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The Albion River Bridge: A History

Albion Bridge

The Albion River Bridge: A History

On July 31, 2017, the Albion River Bridge was placed in the National Register of Historic Places and as a result, this property has also been listed in the California Register of Historical Resources.

The original bridge over the Albion River was a low timber drawbridge. It served as an important element of the “Old Coast Wagon Road” established by Mendocino County along this section of the northern California coastline. During the late nineteenth century, most traffic to and from coastal towns and sawmills was by steamship or from inland rail connections.

The drawbridge location routed the minimal coastal traffic through the center of the sawmill operations of the Albion Lumber Company, the first mill to be built on the Northern California coast (1852). As the amount of wagon and ultimately motorized traffic increased, a new route was established. An elevated timber trestle bridge was designed and built by Mendocino County in 1922. It was located one-half mile up river. This new location also soon became inadequate to accommodate the ever-increasing commercial and industrial traffic along Highway 1.

The meandering access roadways to the old bridge and its narrow roadbed required that the Highway Department consider complete replacement rather than major structural alterations. A new route, directly across the valley, at the mouth of the river, was established and a new design was prepared in accord with Department of Highways’ continuing commitment to the dictates of the “City Beautiful” movement of the early 20th century.

Albion bridge

In accord with this movement, the Division of Highways eliminated truss designs for all but exceptionally long span bridges. This commitment to more beautiful designs included a program of new and replacement bridges along California’s scenic coastal Highway 1.

In Mendocino County, two beautiful concrete arch bridges were built to replace the deteriorated timber trestle bridges at Jug Handle Creek (1938) and Russian Gulch (1940). These bridges are less than 10 miles north of Albion on Highway 1. When the war began, in 1941, the new bridge for Albion was still on the drawing board, and all new bridge work was restricted to “major” California roads. Highway 1 at Albion did not qualify.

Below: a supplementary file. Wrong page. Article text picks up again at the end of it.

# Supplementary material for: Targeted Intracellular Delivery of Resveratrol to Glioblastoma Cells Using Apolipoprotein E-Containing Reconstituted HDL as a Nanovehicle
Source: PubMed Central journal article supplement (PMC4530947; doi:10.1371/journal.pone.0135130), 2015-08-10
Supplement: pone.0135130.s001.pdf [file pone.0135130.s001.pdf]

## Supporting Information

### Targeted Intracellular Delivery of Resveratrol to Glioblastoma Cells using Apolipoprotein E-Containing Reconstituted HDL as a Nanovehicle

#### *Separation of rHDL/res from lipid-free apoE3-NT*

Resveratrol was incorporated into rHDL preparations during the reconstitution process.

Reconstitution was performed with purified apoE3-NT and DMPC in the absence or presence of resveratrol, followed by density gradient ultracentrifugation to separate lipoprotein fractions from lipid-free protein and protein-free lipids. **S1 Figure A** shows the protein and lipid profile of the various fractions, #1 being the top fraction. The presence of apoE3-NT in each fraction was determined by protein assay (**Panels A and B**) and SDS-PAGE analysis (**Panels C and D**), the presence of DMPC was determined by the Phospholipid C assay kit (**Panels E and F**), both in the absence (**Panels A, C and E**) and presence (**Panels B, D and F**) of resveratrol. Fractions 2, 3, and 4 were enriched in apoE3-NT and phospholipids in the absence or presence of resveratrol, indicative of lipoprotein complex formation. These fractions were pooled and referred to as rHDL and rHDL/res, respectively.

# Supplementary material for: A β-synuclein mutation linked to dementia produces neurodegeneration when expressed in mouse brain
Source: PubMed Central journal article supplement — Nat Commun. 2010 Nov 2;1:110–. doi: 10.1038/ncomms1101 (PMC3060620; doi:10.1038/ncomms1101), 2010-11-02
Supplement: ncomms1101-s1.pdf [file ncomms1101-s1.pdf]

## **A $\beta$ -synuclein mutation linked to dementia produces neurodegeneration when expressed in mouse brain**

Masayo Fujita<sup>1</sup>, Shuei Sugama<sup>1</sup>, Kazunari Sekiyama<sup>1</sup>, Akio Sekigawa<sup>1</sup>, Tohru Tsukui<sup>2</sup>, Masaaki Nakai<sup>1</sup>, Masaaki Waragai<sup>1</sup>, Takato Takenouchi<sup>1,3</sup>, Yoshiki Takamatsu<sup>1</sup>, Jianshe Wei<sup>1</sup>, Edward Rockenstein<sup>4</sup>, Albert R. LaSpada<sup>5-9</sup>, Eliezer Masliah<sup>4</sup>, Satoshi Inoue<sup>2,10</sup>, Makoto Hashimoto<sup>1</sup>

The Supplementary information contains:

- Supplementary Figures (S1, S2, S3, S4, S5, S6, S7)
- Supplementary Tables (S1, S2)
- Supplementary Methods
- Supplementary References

However, after major lobbying efforts by coastal businesses, governments, and residents, the design work was finally authorized to replace the dangerous, deteriorating timber deck over timber truss
bridge at Albion.

Initially, two giant concrete arches were designed to span the 1,000-foot–wide valley at the mouth of the river. However, the amount of concrete and steel required for this design was not considered appropriate by the newly established War Production Board (WPB) and could not be approved. The bridge had to be redesigned.

The amount of concrete was limited to foundations, abutments, and only two of the thirteen vertical towers, called bent piers. A steel truss was salvaged from an abandoned railroad bridge near Oroville, 120 miles east of Albion. It was shipped to the San Francisco and refabricated into a 15-foot– deep Pratt truss.

This truss was installed onto 135-foot, poured-in-place concrete piers located on each side of the 130-foot–wide river crossing section of the bridge. The remaining trusses are treated timber supported on treated timber trestle-type bent piers of various heights on concrete foundations. Salvaged railroad rails were split and used to reinforce the new concrete elements of the bridge, in lieu of standard reinforcing steel.

Redwood, then restricted, was not available for the timber elements of the structure. Consequently, the revised design substituted a relatively new product: pressure treated Douglas Fir produced by the Wauna Lumber Company in Wauna, Oregon. They shipped 829,000 board feet of treated timber to Albion. This wood preservation process, along with an excellent maintenance program, is considered to be the major contributing factors in extending the life of this bridge beyond its estimated 20 years by more than 50 additional years—so far. According to Caltrans’ most recent inspection report (2014), the bridge is still in excellent condition.

Construction began in 1943. The bridge was built by the Fred J. Maurer and Son Construction Company of Eureka, California, at a cost of $370,000.00. The resident engineer was T.H. Horn. The Albion River Bridge was dedicated on June 11, 1944.

This short history was part of the application submitted for listing the Albion River Bridge on the Department of the Interior’s National Register of Historic Places, by John Roger Johansen, Architect